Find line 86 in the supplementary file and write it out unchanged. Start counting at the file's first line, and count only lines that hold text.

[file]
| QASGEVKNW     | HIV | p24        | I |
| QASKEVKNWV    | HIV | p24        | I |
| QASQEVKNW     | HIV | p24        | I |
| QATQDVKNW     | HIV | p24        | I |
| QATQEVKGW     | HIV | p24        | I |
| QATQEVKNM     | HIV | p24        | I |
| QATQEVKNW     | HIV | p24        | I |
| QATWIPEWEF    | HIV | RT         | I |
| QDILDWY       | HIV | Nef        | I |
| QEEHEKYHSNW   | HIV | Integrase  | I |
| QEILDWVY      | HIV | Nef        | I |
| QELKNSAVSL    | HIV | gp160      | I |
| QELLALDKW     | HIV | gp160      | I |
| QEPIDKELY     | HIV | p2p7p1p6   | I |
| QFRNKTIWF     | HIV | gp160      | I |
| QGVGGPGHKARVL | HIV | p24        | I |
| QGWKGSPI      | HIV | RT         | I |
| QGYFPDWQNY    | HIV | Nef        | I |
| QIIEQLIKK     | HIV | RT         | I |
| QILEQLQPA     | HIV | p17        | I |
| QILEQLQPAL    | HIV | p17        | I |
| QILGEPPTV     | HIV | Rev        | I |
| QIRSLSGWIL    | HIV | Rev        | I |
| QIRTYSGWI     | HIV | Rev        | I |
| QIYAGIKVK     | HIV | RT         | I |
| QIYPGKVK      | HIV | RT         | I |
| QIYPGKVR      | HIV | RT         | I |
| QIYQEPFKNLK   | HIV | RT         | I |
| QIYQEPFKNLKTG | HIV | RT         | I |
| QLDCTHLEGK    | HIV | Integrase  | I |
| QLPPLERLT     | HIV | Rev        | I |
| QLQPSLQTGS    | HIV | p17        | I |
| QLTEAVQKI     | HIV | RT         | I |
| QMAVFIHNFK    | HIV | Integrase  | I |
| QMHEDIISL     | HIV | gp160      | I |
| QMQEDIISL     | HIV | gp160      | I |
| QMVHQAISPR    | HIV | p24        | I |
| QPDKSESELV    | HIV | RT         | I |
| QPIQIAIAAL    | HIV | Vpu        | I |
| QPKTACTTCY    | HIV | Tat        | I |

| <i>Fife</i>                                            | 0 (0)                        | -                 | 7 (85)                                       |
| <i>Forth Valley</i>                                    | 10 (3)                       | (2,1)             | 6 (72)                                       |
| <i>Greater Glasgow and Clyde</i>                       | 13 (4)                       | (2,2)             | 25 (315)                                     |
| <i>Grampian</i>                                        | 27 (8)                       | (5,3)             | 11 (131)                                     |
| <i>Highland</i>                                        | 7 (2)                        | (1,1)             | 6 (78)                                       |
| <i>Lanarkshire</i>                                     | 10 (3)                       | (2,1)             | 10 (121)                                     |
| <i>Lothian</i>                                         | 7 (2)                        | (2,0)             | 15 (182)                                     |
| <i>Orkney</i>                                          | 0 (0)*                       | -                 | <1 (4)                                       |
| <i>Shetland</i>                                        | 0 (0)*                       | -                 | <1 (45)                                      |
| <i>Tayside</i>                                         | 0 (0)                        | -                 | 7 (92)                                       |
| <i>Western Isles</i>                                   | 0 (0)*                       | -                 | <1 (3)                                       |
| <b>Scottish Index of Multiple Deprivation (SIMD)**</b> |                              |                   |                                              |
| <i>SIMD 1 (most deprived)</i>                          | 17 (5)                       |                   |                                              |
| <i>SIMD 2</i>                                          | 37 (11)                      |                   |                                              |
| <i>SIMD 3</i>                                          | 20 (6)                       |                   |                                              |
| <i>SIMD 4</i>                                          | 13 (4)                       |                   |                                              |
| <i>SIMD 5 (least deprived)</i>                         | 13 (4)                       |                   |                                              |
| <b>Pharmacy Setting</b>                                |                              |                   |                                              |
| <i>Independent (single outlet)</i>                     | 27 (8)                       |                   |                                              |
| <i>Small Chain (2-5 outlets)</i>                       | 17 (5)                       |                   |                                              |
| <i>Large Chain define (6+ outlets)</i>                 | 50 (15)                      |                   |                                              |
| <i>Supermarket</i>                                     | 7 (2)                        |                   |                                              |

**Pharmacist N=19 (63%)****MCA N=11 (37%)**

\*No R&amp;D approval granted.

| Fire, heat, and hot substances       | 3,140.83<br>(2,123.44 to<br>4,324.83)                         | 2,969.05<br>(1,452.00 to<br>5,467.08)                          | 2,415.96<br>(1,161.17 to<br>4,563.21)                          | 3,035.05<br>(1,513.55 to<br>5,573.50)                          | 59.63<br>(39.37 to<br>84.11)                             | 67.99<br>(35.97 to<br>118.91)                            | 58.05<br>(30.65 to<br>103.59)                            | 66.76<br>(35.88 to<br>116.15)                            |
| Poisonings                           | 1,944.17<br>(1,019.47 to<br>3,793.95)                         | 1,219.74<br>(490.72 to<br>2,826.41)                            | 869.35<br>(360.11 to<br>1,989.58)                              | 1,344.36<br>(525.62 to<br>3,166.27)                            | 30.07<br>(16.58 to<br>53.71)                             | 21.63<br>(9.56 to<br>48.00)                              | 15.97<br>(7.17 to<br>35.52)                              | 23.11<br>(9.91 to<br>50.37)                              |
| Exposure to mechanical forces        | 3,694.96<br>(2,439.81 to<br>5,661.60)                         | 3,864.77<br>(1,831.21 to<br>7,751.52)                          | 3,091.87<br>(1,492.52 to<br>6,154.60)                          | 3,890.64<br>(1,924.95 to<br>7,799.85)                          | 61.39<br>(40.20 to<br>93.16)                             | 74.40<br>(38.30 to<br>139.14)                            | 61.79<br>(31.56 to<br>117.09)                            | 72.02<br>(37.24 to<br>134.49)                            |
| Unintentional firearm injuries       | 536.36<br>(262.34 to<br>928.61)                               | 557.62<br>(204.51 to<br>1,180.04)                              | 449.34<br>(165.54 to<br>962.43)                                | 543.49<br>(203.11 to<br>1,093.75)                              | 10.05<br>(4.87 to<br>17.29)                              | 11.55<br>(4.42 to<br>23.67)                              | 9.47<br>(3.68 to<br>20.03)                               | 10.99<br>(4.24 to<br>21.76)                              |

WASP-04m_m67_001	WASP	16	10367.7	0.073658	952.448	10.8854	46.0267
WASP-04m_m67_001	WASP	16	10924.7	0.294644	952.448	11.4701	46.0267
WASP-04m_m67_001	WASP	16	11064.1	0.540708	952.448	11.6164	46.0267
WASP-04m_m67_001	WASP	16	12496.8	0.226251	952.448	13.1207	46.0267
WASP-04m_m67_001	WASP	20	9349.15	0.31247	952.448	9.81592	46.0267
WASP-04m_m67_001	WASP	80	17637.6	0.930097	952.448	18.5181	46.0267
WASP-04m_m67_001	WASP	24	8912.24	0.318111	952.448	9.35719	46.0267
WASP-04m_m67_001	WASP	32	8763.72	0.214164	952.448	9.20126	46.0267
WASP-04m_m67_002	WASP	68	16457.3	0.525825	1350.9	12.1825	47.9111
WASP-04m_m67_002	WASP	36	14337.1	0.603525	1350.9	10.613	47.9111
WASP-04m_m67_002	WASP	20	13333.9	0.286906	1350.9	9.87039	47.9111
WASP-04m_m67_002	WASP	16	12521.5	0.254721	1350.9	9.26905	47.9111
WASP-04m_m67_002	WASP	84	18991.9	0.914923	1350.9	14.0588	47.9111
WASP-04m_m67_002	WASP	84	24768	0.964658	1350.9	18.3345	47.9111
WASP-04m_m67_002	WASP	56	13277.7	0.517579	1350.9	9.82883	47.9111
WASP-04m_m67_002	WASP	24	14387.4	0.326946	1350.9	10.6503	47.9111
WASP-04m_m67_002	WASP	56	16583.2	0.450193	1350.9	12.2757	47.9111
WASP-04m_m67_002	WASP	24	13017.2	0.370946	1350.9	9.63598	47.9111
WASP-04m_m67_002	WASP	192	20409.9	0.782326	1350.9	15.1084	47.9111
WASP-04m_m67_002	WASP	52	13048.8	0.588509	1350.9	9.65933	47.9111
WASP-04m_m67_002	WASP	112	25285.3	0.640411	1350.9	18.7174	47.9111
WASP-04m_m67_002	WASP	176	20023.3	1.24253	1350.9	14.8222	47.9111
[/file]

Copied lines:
WASP-04m_m67_002	WASP	24	13017.2	0.370946	1350.9	9.63598	47.9111